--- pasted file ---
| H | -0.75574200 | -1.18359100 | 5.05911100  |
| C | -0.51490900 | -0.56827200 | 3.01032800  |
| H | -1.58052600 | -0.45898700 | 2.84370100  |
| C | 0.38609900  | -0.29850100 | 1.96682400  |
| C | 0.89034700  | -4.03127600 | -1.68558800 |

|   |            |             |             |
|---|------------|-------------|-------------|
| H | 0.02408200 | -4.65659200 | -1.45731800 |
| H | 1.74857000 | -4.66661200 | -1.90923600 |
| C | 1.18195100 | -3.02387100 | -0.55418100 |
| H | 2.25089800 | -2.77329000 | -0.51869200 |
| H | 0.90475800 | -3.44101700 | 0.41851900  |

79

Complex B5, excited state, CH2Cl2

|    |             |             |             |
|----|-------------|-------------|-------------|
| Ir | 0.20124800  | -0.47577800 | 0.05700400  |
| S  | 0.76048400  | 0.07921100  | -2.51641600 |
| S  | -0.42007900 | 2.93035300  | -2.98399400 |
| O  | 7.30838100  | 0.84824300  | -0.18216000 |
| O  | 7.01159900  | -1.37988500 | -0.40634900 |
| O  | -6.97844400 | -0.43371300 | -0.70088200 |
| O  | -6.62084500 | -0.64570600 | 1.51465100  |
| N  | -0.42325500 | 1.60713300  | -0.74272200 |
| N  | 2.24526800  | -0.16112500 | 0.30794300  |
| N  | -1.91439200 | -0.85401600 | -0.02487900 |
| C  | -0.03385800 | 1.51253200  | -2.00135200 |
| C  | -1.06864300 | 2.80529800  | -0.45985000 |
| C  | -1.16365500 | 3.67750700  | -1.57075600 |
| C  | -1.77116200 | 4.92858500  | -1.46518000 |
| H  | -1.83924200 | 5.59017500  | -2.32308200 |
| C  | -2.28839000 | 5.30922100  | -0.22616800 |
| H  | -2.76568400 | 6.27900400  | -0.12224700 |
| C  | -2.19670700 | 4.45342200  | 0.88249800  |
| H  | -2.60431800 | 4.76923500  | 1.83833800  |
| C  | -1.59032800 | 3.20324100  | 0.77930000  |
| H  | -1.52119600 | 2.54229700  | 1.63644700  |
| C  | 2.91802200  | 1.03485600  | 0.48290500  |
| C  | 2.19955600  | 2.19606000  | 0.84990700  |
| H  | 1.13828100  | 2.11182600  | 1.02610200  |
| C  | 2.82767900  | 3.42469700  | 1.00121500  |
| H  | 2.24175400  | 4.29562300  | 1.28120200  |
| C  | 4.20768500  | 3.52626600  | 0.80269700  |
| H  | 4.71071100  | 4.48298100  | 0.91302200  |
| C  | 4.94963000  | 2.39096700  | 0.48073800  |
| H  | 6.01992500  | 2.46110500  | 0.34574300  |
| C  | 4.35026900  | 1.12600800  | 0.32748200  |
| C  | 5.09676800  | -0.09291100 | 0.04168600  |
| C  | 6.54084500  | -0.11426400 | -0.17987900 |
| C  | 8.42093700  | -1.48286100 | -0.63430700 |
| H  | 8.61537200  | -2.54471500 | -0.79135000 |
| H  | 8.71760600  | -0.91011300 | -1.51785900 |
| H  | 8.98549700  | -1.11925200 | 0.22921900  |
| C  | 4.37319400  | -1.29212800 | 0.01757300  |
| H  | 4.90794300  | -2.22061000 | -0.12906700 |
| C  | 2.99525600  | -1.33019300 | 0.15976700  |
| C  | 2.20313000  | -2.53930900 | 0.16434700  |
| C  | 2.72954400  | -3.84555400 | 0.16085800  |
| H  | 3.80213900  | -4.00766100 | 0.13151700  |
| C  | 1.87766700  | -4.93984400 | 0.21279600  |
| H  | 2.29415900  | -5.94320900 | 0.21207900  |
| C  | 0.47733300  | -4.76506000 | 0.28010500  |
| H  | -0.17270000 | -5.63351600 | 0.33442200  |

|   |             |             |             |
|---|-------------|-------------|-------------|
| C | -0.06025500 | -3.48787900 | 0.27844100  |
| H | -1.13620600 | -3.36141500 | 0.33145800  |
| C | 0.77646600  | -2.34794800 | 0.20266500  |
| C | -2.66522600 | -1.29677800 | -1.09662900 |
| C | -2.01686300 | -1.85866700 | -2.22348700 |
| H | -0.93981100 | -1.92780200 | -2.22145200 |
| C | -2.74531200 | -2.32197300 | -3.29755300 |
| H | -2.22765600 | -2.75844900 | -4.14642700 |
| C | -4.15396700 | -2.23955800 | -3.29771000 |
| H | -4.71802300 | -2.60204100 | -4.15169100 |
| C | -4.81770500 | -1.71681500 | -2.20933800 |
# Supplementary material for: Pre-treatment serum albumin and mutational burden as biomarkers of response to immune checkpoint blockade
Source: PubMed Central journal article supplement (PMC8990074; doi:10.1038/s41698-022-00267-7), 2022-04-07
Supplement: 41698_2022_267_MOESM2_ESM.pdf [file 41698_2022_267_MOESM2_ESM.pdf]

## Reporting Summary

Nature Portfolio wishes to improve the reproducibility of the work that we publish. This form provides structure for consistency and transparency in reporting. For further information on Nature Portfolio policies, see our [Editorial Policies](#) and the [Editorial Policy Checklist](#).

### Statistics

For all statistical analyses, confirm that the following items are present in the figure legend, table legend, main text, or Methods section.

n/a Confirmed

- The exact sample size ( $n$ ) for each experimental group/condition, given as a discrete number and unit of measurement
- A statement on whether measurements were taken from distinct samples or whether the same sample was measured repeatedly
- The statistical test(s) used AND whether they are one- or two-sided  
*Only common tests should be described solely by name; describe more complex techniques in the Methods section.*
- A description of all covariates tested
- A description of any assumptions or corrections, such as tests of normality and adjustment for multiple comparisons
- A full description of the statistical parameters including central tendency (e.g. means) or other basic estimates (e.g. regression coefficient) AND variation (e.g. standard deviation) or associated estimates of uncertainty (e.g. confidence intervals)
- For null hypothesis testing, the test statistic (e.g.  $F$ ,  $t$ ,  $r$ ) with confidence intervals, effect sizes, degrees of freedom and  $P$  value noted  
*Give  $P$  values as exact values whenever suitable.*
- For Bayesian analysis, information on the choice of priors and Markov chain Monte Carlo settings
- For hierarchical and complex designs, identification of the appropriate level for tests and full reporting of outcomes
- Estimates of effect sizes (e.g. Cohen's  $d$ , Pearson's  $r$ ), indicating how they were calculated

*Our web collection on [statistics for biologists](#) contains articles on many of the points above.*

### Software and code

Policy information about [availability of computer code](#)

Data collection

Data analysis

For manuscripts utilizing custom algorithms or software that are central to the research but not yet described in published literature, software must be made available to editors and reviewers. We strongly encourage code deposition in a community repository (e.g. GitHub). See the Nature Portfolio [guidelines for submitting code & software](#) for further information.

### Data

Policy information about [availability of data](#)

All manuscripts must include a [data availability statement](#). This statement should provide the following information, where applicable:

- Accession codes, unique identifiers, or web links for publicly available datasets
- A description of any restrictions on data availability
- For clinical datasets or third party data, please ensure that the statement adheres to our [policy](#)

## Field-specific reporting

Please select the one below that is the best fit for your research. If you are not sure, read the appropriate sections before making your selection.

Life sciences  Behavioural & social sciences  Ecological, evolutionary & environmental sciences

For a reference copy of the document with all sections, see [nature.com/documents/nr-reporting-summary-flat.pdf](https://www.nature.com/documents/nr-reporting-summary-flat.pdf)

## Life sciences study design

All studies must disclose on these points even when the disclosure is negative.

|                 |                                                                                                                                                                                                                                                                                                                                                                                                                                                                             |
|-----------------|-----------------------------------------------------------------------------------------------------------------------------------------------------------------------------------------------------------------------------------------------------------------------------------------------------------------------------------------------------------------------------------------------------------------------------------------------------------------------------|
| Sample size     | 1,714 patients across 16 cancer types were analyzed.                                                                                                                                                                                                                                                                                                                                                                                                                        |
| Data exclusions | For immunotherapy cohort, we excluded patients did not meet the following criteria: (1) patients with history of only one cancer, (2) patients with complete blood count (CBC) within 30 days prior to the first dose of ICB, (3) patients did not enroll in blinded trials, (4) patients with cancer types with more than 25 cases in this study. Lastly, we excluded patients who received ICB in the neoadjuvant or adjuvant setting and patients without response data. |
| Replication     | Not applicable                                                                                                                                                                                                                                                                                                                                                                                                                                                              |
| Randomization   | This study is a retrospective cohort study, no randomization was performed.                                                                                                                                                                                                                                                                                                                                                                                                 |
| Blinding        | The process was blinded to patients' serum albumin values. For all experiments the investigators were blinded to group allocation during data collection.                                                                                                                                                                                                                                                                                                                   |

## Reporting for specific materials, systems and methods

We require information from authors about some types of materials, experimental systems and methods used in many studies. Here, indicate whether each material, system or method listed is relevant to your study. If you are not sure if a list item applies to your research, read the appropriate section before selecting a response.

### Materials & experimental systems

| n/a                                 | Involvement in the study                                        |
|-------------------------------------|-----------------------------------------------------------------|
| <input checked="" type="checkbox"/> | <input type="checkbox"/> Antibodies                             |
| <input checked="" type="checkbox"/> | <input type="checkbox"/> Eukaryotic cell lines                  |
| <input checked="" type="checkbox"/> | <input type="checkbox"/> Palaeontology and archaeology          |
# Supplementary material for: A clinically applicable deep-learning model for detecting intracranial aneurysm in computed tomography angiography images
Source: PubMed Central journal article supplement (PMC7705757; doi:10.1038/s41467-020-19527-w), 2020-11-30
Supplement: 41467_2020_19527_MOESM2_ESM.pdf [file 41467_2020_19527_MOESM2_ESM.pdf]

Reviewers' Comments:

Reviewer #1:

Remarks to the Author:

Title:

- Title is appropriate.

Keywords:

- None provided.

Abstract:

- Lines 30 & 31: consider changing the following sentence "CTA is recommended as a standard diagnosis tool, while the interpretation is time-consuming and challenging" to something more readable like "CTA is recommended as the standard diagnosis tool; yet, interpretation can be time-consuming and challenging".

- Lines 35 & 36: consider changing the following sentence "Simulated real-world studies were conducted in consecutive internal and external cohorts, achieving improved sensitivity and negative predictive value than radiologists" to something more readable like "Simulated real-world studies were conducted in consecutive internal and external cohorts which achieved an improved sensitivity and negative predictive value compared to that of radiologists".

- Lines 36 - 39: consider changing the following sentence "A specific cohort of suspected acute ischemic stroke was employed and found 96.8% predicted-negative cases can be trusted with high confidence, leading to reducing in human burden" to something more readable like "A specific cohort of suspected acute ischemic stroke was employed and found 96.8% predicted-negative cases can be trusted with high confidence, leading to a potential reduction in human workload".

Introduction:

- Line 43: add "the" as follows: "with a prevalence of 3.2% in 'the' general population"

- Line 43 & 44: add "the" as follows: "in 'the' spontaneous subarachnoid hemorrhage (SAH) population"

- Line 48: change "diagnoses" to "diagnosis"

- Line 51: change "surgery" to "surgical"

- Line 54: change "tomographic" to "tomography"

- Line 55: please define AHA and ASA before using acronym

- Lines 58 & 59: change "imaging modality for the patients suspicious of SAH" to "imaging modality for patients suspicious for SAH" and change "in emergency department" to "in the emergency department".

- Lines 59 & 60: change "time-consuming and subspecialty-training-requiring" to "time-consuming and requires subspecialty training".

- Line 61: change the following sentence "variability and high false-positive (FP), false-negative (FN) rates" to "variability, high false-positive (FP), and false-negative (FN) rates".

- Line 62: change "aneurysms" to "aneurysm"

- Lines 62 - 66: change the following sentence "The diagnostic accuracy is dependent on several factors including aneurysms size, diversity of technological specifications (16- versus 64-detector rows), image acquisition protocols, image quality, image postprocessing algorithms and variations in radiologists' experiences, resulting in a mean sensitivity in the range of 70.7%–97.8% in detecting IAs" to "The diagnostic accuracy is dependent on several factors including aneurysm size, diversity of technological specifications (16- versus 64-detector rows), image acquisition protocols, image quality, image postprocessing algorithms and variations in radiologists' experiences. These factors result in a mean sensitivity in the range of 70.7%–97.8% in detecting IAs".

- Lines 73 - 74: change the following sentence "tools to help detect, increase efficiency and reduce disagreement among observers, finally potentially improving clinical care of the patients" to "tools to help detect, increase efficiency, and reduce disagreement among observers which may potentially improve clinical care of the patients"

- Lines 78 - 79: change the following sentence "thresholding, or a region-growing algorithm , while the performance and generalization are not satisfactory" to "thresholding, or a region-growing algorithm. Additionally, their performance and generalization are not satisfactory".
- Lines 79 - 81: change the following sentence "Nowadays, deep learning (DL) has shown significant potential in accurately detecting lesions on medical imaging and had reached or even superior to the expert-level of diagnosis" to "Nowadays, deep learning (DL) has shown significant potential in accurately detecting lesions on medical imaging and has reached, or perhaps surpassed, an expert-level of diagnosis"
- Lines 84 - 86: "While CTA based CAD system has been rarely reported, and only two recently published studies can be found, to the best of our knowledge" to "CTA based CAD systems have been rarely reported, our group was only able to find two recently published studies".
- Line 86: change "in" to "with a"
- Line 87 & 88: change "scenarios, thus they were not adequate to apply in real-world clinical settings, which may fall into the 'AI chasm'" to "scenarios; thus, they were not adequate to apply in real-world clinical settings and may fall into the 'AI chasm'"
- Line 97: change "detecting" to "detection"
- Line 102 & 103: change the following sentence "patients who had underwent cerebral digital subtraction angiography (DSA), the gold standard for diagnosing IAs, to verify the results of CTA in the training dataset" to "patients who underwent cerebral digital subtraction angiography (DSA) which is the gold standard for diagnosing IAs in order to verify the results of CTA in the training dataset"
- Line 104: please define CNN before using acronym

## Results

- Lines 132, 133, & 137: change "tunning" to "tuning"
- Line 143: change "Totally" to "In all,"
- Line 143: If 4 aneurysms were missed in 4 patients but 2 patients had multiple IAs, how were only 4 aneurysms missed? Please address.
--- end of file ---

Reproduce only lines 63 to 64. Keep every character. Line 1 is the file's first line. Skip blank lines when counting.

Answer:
| H  | -0.17270000 | -5.63351600 | 0.33442200  |

|   |             |             |             |